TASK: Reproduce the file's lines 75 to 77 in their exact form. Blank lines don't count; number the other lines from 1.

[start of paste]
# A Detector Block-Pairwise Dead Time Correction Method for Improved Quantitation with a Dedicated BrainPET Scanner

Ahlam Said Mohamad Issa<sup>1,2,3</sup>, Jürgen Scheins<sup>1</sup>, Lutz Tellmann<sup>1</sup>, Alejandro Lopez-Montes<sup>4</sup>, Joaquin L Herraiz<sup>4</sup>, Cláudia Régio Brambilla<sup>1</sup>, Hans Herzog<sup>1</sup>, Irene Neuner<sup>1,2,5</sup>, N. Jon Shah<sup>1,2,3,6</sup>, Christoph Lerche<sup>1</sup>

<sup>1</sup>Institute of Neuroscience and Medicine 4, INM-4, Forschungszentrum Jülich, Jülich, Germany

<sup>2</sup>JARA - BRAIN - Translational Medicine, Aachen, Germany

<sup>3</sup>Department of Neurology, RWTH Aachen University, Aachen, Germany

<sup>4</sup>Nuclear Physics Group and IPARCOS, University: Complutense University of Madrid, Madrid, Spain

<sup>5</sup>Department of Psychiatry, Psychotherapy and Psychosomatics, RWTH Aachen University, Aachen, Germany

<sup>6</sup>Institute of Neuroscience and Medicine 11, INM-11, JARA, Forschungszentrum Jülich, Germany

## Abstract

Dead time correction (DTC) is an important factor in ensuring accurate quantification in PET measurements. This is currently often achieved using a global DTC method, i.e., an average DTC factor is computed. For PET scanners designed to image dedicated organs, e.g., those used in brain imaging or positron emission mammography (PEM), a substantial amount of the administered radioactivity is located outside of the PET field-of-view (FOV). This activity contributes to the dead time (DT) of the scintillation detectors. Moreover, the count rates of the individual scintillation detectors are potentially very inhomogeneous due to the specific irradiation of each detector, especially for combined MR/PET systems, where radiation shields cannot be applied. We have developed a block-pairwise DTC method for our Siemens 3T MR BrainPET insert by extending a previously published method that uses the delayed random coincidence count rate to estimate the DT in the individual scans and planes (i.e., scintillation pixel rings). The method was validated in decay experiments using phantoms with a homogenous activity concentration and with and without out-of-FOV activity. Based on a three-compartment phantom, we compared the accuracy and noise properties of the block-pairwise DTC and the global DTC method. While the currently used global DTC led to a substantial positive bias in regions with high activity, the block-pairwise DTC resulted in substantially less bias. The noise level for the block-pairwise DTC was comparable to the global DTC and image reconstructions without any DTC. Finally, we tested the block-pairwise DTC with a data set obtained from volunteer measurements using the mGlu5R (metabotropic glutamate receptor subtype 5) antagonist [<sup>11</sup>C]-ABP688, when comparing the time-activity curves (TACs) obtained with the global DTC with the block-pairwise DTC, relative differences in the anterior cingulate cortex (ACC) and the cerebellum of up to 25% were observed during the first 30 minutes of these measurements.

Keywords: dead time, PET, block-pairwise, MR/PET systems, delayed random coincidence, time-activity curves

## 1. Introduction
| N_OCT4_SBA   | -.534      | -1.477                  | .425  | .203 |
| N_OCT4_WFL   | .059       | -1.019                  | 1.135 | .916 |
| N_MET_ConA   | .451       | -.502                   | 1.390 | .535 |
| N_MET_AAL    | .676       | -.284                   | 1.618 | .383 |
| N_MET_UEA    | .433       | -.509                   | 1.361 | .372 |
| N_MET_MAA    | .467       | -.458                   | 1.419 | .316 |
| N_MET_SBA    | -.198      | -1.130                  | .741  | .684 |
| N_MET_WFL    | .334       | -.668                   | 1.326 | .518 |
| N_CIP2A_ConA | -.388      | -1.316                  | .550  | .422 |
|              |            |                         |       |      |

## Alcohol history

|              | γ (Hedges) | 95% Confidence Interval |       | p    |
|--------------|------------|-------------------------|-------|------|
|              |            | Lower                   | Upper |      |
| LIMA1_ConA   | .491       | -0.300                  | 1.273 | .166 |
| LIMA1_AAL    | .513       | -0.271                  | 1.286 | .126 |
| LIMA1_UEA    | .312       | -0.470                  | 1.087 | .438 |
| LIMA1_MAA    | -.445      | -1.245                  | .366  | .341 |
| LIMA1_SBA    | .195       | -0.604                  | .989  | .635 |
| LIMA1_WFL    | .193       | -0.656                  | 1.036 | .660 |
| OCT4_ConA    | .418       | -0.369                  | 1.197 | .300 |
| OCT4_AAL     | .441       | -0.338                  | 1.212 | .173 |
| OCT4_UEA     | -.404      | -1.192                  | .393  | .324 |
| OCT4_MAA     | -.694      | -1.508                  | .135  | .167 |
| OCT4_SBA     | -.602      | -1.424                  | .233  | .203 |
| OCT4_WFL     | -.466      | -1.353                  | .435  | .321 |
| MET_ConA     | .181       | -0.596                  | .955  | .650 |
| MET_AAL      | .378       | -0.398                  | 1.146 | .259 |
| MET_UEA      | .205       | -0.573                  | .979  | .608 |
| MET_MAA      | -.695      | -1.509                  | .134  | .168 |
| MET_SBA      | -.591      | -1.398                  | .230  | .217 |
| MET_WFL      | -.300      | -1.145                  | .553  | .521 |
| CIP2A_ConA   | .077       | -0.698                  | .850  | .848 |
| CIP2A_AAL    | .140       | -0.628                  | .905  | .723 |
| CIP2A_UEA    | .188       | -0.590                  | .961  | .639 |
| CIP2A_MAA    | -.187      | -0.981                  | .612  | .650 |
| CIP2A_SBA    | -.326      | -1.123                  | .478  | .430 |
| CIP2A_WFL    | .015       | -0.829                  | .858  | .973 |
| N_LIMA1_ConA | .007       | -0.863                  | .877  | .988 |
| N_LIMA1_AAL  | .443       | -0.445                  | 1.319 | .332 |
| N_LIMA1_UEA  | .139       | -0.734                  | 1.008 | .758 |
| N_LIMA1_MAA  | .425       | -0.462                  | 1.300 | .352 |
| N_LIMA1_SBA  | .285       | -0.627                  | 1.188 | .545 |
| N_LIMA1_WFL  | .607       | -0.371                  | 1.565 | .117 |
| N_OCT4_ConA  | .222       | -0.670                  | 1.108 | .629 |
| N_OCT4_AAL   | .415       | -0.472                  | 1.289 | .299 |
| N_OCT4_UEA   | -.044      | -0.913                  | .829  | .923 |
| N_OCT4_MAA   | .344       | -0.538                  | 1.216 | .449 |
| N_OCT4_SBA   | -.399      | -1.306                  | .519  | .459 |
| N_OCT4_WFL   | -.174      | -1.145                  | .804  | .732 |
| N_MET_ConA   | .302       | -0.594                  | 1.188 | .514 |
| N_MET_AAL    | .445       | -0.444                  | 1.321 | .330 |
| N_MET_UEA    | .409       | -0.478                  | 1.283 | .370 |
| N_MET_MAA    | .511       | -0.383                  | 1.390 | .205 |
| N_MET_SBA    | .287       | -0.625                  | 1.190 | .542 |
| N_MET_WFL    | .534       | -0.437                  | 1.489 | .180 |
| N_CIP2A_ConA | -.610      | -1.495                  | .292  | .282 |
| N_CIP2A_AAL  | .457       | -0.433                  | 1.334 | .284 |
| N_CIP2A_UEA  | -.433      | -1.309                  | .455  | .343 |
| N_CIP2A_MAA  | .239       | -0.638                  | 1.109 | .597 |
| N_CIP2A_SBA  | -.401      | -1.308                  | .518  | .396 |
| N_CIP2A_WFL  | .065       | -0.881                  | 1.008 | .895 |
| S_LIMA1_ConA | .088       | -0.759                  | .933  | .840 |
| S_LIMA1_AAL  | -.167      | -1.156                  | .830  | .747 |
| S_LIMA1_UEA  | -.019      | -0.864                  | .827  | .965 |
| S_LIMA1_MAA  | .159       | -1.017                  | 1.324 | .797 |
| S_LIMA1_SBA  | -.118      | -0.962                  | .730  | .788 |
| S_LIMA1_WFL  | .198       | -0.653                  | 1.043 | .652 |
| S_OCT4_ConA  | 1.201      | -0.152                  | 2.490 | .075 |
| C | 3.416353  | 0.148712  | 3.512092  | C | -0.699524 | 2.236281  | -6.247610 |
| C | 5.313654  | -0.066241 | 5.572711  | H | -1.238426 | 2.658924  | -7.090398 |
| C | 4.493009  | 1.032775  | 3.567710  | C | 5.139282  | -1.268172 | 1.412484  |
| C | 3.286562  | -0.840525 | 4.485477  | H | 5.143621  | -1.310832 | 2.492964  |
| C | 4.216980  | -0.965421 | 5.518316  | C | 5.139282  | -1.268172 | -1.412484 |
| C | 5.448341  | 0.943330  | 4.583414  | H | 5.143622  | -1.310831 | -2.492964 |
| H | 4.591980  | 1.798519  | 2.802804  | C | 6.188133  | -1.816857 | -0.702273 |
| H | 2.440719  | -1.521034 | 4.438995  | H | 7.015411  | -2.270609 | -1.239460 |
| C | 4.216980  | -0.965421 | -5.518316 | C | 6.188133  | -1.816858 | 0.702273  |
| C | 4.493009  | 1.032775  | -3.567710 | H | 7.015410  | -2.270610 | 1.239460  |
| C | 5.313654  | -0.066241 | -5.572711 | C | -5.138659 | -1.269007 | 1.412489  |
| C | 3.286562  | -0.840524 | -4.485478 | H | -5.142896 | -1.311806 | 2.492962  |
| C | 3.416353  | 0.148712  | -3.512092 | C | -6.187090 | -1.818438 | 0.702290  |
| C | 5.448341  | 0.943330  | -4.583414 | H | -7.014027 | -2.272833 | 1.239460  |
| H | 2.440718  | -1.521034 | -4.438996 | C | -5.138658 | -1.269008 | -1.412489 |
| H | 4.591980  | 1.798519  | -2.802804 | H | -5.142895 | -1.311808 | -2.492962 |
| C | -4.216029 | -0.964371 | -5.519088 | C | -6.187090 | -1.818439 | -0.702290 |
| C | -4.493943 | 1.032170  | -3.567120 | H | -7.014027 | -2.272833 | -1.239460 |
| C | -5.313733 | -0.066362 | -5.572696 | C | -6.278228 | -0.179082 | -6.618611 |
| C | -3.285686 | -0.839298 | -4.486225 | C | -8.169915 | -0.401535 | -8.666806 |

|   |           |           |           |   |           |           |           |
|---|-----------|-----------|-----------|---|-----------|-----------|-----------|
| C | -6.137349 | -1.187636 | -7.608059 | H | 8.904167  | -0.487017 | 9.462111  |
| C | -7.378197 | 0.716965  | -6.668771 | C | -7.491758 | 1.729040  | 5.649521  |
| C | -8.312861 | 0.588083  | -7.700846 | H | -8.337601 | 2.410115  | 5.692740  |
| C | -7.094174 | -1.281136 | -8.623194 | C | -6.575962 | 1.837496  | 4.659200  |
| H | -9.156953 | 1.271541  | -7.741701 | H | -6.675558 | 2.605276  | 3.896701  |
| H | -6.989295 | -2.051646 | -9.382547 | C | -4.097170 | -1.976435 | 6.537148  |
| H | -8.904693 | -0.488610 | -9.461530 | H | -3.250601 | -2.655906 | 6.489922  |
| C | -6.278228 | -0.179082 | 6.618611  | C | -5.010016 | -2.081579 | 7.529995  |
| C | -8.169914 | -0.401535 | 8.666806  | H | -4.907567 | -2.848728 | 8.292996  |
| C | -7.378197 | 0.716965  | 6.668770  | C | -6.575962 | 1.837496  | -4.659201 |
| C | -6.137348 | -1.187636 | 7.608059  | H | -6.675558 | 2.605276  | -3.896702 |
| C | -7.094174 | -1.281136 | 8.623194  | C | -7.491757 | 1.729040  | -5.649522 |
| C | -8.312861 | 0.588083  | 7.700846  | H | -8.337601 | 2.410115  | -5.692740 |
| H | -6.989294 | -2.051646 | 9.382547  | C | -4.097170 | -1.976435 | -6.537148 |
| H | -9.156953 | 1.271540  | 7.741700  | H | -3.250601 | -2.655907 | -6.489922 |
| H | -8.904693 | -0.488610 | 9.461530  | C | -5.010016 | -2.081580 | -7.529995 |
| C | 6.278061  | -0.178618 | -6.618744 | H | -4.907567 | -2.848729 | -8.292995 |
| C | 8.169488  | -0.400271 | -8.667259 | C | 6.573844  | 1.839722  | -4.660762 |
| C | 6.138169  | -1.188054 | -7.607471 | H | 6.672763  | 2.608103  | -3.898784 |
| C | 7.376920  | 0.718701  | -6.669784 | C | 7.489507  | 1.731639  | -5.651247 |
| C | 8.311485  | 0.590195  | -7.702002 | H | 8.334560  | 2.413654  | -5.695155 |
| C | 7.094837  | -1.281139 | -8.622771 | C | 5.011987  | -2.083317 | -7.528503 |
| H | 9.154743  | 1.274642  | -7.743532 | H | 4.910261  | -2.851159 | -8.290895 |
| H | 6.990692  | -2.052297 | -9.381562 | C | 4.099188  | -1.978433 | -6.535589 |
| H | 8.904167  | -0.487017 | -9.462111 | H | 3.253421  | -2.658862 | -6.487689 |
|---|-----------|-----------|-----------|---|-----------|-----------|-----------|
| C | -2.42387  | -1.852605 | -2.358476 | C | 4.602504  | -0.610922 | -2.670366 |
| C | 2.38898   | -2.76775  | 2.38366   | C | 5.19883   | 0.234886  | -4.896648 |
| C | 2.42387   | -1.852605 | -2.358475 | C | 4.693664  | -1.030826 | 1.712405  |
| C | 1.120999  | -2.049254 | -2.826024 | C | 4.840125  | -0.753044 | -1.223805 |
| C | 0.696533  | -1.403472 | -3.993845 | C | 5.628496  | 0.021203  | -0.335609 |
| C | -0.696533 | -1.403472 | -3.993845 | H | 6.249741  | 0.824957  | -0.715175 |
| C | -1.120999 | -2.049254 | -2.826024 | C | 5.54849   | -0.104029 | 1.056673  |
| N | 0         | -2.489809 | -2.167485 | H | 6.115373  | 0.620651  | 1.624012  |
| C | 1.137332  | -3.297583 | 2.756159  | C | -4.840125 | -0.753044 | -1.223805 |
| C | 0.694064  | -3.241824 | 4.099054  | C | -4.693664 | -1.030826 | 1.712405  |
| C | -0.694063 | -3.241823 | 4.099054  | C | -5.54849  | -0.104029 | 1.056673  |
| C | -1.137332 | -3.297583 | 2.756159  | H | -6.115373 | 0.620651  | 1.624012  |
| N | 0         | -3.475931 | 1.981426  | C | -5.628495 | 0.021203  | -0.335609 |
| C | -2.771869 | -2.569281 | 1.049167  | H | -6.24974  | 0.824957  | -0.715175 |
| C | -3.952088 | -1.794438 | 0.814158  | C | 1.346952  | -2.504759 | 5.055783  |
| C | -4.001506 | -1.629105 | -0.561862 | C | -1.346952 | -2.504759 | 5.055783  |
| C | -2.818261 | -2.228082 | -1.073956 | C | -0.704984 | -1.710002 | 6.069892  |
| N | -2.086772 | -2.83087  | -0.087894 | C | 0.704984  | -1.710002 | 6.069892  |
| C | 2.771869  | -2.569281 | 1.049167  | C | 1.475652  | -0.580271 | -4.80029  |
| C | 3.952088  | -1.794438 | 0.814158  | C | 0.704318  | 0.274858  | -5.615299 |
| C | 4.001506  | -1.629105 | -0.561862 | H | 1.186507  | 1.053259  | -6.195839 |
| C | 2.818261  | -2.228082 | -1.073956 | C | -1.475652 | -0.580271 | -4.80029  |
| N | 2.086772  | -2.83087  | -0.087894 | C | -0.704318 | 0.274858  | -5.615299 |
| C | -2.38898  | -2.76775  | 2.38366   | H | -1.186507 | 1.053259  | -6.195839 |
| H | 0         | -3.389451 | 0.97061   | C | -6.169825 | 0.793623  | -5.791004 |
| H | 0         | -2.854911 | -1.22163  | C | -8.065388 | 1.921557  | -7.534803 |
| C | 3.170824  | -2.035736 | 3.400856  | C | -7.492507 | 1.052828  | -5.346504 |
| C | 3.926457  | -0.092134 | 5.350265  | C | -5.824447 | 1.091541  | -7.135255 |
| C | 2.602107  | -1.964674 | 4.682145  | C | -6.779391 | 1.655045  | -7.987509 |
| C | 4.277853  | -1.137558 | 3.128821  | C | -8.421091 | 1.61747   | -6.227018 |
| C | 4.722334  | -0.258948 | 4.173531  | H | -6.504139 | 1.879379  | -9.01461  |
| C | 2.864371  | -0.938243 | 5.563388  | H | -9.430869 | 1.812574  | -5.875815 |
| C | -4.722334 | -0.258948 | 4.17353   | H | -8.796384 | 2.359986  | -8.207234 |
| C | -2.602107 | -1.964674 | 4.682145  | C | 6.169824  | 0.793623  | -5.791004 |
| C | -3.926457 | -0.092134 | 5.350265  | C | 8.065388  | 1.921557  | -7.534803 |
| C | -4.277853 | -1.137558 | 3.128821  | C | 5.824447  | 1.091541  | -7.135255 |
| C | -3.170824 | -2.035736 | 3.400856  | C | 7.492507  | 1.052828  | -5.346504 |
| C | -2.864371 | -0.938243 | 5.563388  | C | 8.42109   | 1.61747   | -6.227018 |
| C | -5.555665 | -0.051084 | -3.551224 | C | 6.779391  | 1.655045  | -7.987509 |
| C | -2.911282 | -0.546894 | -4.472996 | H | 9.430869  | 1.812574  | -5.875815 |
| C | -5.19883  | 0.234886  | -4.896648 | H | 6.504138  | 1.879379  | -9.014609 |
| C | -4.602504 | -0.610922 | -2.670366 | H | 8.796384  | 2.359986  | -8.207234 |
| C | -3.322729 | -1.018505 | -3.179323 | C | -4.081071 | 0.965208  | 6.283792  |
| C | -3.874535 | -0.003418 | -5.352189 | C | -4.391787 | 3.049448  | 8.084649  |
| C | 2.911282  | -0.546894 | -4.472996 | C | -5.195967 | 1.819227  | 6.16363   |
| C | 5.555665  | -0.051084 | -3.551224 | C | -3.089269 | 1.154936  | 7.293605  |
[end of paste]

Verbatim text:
| S_LIMA1_ConA | .088       | -0.759                  | .933  | .840 |
| S_LIMA1_AAL  | -.167      | -1.156                  | .830  | .747 |
| S_LIMA1_UEA  | -.019      | -0.864                  | .827  | .965 |